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Obama's Deficit Attention Disorder

January 26, 2010

During his first State of the Union address Wednesday, President Barack Obama will apparently endorse two bad ideas whose time hasn't come. The first, a freeze affecting $477 billion in domestic spending, has been rightly labeled "appalling" (Paul Krugman), "a mistake on par with John McCain's 'suspending my campaign' gaffe" (Nate Silver), "fundamental unseriousness" (Brad Delong) and worse. The second, an executive order creating a "deficit commission," is just the latest in a generation of Potemkin crusades against the national debt designed to substitute a façade for real action and responsibility in controlling the budget.
To be sure, the latest manifestation of Obama's dangerous fetish for bipartisanship couldn't be worse for what the economy requires and his political survival demands. Still recovering too slowly from a deep recession which Obama's stimulus has helped reverse, American economy needs more - not less- government spending in the near-term. As Krugman lamented:

"It's bad economics, depressing demand when the economy is still suffering from mass unemployment...
It's bad long-run fiscal policy, shifting attention away from the essential need to reform health care and focusing on small change instead."

Worse still, President Obama is sending Americans precisely the wrong message by suggesting he wants to begin slamming on the brakes when the economy and his agenda alike demand he keep the pedal to the metal. Nate Silver succinctly summarized the looming communications disaster for Obama and Democrats:

"What concerns me more is the politics. Specifically, the sort of cognitive dissonance that is going to be created in the mind of the average voter when the White House is promising to freeze spending on the one hand (or, more accurately, this will be the media caricature of their gambit), and on the other, trying to defend its stimulus and its health care reform package, trying to excuse the bailout package as a necessary evil, and perhaps trying to champion new programs."

Now is not the time to worry about the deficit. And when it is time - after the economy rebounds and job creation ramps up - gimmicks like deficit commissions and spending freezes (for which candidate Obama rightly mocked rival John McCain) shouldn't be part of the solution.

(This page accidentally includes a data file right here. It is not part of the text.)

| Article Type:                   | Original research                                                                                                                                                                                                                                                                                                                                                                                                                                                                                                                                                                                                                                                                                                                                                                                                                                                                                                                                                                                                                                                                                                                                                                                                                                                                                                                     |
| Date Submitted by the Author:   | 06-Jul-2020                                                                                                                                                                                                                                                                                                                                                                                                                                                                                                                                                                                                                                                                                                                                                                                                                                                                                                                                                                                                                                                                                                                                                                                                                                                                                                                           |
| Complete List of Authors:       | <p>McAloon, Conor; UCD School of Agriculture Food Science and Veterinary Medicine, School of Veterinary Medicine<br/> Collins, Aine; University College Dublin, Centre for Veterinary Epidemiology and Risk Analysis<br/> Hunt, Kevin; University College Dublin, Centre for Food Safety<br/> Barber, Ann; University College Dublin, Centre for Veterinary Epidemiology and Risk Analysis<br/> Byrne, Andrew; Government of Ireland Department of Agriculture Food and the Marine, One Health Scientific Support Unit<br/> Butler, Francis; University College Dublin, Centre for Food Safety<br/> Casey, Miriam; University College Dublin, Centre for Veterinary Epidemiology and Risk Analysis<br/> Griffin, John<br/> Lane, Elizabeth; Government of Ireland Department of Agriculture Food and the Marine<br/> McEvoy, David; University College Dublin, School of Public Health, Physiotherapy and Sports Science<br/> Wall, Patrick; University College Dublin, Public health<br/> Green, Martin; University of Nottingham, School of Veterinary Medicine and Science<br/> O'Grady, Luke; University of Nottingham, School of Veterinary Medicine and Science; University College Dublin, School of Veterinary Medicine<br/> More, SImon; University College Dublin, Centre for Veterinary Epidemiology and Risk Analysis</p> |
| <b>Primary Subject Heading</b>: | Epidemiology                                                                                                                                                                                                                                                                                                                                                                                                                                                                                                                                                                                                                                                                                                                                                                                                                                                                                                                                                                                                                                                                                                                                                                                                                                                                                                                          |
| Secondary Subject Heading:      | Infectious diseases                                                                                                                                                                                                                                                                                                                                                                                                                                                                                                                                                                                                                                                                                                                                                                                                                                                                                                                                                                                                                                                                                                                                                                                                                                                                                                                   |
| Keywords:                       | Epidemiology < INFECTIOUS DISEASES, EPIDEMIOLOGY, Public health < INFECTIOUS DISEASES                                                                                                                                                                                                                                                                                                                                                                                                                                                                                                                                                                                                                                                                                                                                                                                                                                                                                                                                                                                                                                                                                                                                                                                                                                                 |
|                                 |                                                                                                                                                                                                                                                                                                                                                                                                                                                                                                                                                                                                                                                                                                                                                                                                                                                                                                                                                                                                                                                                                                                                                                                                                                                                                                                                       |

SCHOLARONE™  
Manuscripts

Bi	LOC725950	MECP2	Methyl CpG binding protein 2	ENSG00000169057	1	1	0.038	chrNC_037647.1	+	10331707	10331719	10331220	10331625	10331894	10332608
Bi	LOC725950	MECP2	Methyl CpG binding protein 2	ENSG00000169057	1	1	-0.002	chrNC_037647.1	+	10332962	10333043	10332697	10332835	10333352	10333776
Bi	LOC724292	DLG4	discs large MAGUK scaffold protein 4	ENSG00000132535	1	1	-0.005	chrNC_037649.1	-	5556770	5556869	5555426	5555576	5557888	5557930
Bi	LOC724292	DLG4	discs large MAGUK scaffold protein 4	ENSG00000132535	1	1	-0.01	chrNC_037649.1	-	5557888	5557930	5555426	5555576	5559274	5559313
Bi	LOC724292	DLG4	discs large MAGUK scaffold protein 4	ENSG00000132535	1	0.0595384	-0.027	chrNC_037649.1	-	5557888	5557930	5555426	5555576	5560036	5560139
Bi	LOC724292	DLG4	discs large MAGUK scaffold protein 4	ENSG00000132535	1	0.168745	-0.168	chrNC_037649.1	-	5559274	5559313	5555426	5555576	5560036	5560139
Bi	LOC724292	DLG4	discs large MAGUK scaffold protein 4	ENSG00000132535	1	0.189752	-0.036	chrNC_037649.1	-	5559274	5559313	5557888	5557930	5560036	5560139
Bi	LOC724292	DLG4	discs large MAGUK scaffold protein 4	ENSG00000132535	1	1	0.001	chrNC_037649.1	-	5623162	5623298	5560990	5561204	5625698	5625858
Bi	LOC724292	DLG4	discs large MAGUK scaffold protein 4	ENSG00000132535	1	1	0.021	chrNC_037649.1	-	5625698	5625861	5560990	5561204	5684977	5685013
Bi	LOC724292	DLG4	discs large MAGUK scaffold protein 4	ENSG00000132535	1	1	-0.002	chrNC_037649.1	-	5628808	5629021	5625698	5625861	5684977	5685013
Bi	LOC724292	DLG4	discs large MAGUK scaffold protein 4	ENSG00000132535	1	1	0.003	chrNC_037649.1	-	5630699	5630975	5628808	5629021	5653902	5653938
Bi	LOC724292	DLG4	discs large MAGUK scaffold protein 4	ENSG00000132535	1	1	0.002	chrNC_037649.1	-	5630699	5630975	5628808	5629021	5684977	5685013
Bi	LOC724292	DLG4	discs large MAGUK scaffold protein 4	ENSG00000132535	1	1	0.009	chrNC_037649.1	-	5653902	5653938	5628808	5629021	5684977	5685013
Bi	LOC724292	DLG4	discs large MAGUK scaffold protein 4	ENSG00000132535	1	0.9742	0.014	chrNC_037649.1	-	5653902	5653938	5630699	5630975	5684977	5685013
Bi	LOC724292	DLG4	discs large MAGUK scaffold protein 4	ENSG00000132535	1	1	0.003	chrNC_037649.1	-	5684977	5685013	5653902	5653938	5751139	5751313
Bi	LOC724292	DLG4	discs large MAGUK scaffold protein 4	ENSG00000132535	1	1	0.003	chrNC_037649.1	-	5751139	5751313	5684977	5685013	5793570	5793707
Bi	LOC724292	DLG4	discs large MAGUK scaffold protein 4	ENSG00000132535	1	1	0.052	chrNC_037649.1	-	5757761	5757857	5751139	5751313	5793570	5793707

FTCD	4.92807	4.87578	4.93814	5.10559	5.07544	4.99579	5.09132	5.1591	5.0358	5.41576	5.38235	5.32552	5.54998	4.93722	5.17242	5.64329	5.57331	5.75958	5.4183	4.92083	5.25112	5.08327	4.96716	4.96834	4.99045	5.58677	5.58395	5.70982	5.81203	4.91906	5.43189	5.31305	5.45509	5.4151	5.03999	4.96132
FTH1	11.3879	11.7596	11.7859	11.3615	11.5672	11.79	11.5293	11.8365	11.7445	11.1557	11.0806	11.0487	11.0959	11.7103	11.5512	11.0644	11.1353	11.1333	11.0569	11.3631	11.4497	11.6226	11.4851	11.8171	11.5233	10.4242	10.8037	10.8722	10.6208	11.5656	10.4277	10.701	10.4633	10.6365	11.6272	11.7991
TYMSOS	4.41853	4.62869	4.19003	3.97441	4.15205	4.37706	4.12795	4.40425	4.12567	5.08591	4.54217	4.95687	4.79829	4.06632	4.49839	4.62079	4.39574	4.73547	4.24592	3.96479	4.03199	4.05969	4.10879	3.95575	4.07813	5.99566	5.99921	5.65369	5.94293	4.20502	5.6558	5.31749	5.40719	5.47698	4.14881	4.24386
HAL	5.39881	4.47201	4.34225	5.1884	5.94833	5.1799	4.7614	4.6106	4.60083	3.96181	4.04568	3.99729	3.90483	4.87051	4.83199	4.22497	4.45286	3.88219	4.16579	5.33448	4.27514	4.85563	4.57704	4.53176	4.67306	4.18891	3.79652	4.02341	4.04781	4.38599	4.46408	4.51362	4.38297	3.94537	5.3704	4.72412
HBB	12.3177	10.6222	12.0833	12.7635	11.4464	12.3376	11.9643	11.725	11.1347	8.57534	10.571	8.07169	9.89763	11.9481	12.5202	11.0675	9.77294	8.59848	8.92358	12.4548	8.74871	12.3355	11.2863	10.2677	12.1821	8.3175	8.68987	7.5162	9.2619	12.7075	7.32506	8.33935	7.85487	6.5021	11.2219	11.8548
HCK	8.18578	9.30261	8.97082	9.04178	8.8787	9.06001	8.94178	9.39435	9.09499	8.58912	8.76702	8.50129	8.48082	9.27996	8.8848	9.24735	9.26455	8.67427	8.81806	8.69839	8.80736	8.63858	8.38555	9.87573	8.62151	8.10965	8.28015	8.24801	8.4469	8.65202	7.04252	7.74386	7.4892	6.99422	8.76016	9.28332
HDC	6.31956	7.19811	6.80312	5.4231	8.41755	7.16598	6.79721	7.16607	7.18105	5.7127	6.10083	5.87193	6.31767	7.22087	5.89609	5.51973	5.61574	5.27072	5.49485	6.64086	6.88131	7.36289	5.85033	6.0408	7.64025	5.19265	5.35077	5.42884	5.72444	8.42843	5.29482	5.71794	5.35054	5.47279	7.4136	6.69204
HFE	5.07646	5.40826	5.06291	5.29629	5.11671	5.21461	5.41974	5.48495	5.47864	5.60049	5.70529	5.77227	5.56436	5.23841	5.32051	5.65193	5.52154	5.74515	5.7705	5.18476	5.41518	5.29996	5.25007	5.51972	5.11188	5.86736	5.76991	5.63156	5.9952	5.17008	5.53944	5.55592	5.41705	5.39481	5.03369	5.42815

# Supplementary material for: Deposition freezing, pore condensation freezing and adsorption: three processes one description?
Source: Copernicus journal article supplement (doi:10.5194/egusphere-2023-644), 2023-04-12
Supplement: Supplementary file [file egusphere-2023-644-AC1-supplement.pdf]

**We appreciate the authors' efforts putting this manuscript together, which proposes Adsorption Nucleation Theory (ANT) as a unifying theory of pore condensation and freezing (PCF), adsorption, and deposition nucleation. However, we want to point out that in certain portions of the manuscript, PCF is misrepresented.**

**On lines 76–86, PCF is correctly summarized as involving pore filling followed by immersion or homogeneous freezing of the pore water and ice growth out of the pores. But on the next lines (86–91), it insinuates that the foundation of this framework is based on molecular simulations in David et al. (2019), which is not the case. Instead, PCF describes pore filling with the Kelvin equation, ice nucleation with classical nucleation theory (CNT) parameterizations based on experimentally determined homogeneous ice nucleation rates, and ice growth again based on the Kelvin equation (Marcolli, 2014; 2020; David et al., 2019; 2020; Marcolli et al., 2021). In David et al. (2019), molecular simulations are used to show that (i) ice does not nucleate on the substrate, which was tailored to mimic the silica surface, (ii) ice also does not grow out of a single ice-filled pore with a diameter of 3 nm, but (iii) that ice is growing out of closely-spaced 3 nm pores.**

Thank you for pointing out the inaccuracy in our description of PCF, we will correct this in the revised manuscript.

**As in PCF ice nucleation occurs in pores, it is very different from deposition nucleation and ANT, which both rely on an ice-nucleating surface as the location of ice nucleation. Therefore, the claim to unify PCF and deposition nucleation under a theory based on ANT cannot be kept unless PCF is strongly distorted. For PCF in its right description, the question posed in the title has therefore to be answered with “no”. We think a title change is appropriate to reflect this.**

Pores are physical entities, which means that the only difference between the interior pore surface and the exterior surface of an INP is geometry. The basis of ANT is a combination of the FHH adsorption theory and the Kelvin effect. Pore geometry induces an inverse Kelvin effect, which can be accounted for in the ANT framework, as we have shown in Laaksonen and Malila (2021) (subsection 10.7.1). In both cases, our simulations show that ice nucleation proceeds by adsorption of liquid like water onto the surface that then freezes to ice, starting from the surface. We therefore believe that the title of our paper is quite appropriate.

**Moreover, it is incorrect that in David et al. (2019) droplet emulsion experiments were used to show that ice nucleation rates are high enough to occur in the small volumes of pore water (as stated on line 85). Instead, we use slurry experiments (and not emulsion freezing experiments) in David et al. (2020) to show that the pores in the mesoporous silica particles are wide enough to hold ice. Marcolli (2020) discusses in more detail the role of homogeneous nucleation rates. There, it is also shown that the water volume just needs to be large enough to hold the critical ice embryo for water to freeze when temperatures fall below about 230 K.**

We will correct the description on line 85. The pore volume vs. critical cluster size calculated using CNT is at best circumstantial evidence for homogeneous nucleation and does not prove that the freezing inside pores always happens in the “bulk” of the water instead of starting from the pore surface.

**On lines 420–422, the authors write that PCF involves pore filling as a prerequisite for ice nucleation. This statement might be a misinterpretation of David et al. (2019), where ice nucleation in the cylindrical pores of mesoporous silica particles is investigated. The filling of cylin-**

Many of the ingredients are already known, much as partisans of both parties refuse to acknowledge them. First and foremost (as the chart above shows), all or at least most of the Bush tax cuts must be reversed. Charitable tax deductions should be lowered while capital gains taxes are raised to at least their Clinton-era levels. Entitlement reform will almost surely require a delay of the retirement age to at least 67, while payroll taxes should be assessed on incomes above today's $100,000 plateau.
What is also certain is that Obama's Republican foes are not serious about cutting the deficit. (After all, Dick Cheney in 2002 proclaimed, "Reagan proved that deficits don't matter.") The Gramm-Rudman Act's mandatory "sequestrations" in the 1980's, George H.W. Bush's offhand rejection of his own deficit commission in 1989 and the GOP's paeans to a budget balanced amendment in the 1990's all were designed to create the appearance of action on the debt while absolving the White House and Congress from responsibility for the pain it would entail. In 1993, every Republican in the House and Senate voted against the Clinton deficit reduction plan that washed away the red ink by 1999. After tripling the national debt under Ronald Reagan and doubling it again under George W. Bush, listening to Republicans lecture on the federal budget deficit is akin to "watching arsonists calling the fire department reckless."
And at the worst possible time, President Obama is playing directly into their hands. His posturing is economically counterproductive and politically cynical, and virtually everyone (or at least, among Democrats) knows it. For a generation, Republicans have been digging a deep hole on the deficit. This week, Obama grabbed the shovel from their hands - and hit himself in the head.

2 comments on “Obama's Deficit Attention Disorder”

  1. Conservative media spin and the powerful, jaded aura it has cast upon Americans in a year's time is just as detrimental as conservative policy itself.

  2. The spending freeze is a horrible idea and the libertarians are jumping up and down on how great it is, and are praising Obama for it. If he fails in it, I guess they can't blame him, but congress, so it's probably a win-win for him if it doesn't pass muster. Which I hope it doesn't.
    In any case, I don't think lowering charitable tax deductions is a good idea, especially at this time when more people are in need of charity and wealthy people use it to help reduce their tax rates. It's one of the more legitimate and less specious ways for them to do it.


Jon Perr
Jon Perr is a technology marketing consultant and product strategist who writes about American politics and public policy.

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